J. Lewis focuses on football amidst legal turmoil

WESTMINSTER -- Darting ahead, his helmet tilted forward, Jamal Lewis glided past the secondary.

Although the Baltimore Ravens' Pro Bowl running back remains capable of bulldozing linebackers as training camp opened Friday in Westminster, a sleeker physique and a resolute focus amidst a cloudy legal situation defined his outlook.

One season removed from rushing for 2,066 yards — the second-highest total in league history — the reigning NFL Offensive Player of the Year appears primed for a worthy encore. The major question mark for Lewis, 25, is an indictment on federal drug conspiracy charges.

"I have to come in and do as good or better than I did the previous year," said Lewis, who shattered the single-game rushing mark with 295 yards last September against the Cleveland Browns. "If not, it means I didn't get better. I have big shoes to fill from last year and we're going to see how it pans out."

Lewis has trimmed down to 235 pounds, his lowest reporting weight since entering the league five years ago, through an exercise regimen of boxing and running hills, along with a stricter diet. He estimated that he's in the best shape of his life and expressed optimism that quarterback Kyle Boller can inject some balance into a one-dimensional offense.

"I think everybody knows that we are going to run the football, so we have to really freshen up on the aspect of throwing the football," Lewis said.

Even though Lewis' plain purple practice jersey didn't include his familiar No. 31, there was no mistaking his presence at McDaniel College. Lewis continually sprinted ahead of pursuit. "Jamal always has that serious face on," said Musa Smith, Lewis' backup. "He looks like he spent a lot of time lifting steel."

Lewis gained 129.1 yards per contest last season on a career-high 387 carries. The centerpiece of the Ravens' top-ranked rushing game averaged 5.3 yards per carry, scoring 14 touchdowns.

Lewis may not find his most formidable obstacle to another blockbuster season at the line of scrimmage.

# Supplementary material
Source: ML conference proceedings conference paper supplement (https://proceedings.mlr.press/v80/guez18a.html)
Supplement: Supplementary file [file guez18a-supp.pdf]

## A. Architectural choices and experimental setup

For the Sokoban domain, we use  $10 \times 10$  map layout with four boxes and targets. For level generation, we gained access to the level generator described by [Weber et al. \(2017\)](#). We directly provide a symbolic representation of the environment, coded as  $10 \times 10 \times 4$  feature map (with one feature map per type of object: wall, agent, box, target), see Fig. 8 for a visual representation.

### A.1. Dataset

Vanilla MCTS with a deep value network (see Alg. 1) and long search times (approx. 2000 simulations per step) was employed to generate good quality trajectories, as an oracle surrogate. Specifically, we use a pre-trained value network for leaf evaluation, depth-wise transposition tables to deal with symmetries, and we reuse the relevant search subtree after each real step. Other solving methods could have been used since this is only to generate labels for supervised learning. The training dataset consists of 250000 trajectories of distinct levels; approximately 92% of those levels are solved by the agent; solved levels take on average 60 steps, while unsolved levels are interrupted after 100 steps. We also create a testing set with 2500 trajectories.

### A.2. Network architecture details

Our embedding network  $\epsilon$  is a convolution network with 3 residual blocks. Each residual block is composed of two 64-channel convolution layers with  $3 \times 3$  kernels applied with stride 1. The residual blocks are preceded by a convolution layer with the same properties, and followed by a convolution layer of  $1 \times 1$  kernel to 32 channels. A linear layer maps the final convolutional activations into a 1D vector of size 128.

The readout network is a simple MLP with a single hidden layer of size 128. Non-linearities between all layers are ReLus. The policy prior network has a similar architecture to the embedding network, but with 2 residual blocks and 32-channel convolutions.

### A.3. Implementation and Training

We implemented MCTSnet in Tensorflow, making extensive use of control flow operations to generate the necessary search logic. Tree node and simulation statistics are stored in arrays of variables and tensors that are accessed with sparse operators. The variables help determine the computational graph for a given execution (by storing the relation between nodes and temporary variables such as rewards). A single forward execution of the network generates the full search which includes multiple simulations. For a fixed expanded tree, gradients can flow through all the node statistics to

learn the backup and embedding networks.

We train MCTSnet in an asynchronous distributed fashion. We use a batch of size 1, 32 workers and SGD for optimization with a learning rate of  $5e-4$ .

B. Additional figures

He has proclaimed his innocence to charges of conspiring to possess with intent to distribute five kilograms of cocaine and using a cellular phone in the commission of a drug crime. The charges stem from FBI allegations that Lewis helped broker a major cocaine deal for a childhood friend during the summer of 2000 shortly before signing a six-year $35.3 million contract with the Ravens.

He remains free on a $500,000 bond and no trial date has been set, although the Ravens have acknowledged the strong possibility that Lewis could stand trial during the season. Lewis is hopeful he could play in a game after spending much of the week in a courtroom instead of on a practice field.

"I run the same plays every week," said Lewis, who was closing in on a lucrative contract extension prior to his arrest. "I just have to know where my gaps and my guards and my reads are, where the hole is and I hit it and go."

However, coach Brian Billick isn't so certain of the viability of that scenario.

Beyond teammates such as All-Pro linebacker Ray Lewis marveling over his conditioning, Lewis has also made an impression with his ability to block out off-field issues.

While traversing all of that NFL real estate last season, Lewis was aware he was under the scrutiny of an FBI investigation. The team was unaware of his predicament.

"I was hoping that it would go away, hoping that it might disappear," Lewis said in June. If convicted, Lewis could face a mandatory prison term of at least 10 years if the alleged conspiracy is found to involve at least five kilograms of cocaine.

Despite the turmoil, Lewis hasn't changed his approach. If anything, he said this legal imbroglio has fueled his anger and spurred him toward a greater devotion to football.

"With all of the auxiliary things, he has handled things pretty well and handled his business," running backs coach Matt Simon said. "I think he's a better young man, not that he was bad young person before, but he has grown and matured quite well."

Aaron Wilson writes for the Carroll County Times.

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